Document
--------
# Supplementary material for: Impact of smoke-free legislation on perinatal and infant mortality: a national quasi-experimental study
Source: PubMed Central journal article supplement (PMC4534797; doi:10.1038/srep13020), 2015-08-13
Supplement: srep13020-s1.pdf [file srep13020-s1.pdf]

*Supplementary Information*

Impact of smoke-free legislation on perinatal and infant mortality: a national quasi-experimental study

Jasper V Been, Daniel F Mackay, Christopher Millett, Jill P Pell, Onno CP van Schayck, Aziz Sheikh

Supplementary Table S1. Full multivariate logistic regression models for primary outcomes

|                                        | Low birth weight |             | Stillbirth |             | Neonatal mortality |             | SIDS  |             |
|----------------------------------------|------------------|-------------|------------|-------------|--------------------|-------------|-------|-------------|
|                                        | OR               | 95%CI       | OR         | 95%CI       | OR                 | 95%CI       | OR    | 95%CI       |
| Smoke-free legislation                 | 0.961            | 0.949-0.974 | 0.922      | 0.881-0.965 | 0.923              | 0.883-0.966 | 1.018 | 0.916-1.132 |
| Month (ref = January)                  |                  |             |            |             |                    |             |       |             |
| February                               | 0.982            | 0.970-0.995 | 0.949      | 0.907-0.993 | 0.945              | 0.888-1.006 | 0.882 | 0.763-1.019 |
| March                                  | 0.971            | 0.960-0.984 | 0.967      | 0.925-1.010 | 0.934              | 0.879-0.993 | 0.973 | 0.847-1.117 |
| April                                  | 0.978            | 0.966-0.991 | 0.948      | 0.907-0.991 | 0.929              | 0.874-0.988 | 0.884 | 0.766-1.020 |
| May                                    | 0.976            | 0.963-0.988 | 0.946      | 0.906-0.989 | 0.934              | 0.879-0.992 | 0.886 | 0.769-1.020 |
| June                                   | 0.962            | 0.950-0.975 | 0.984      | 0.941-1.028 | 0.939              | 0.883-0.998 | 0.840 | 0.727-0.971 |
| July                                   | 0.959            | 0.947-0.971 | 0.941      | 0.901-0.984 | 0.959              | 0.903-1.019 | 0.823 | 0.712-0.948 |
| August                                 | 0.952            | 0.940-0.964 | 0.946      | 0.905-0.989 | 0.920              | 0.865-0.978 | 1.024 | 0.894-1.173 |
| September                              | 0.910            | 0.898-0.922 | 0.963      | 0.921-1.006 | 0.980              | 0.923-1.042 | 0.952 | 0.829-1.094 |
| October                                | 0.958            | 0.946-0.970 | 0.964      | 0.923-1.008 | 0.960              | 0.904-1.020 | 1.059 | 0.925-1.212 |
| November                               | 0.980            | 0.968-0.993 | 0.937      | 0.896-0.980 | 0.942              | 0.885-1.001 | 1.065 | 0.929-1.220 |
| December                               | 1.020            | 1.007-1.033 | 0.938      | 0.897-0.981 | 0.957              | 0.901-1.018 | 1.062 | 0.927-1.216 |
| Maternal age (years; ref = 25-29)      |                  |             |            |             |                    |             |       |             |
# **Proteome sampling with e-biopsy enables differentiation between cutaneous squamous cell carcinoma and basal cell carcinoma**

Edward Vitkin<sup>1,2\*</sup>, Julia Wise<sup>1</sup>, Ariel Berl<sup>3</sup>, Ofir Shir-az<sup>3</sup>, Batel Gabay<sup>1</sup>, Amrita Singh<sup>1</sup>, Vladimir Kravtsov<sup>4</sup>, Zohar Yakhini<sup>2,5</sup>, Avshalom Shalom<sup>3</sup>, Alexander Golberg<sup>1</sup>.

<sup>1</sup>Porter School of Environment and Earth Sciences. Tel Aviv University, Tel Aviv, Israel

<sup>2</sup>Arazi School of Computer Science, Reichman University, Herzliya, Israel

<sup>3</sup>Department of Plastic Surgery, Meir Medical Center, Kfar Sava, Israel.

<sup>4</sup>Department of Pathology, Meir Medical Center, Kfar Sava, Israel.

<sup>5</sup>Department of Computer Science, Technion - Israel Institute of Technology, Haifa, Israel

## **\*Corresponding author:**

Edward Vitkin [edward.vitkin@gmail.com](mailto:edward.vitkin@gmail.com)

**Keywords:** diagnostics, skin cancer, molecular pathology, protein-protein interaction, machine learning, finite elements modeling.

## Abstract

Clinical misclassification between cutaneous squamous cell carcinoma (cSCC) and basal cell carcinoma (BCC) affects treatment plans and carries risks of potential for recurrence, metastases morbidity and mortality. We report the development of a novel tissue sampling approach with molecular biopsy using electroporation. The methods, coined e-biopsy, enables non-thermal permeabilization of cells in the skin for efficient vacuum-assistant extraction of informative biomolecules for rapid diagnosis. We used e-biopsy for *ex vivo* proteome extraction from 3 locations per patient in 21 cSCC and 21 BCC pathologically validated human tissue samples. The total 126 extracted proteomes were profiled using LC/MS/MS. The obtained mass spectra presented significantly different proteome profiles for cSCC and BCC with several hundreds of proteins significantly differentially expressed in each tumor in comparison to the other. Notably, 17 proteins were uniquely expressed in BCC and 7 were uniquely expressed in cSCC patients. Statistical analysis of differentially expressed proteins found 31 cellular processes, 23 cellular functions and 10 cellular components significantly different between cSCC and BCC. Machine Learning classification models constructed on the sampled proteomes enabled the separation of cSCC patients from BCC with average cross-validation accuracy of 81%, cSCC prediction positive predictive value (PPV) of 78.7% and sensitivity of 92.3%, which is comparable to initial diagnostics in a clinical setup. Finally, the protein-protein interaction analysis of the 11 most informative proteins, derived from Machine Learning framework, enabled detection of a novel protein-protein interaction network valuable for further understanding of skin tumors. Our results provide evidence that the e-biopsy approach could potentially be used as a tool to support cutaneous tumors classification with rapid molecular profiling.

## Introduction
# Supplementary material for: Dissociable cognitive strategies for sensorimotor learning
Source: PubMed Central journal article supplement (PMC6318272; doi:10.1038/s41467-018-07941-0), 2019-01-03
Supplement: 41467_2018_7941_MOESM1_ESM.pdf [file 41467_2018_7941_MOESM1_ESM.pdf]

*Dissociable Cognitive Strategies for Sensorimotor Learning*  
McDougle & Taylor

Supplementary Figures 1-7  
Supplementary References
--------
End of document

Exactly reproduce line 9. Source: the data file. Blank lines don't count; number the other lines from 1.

|----------------------------------------|------------------|-------------|------------|-------------|--------------------|-------------|-------|-------------|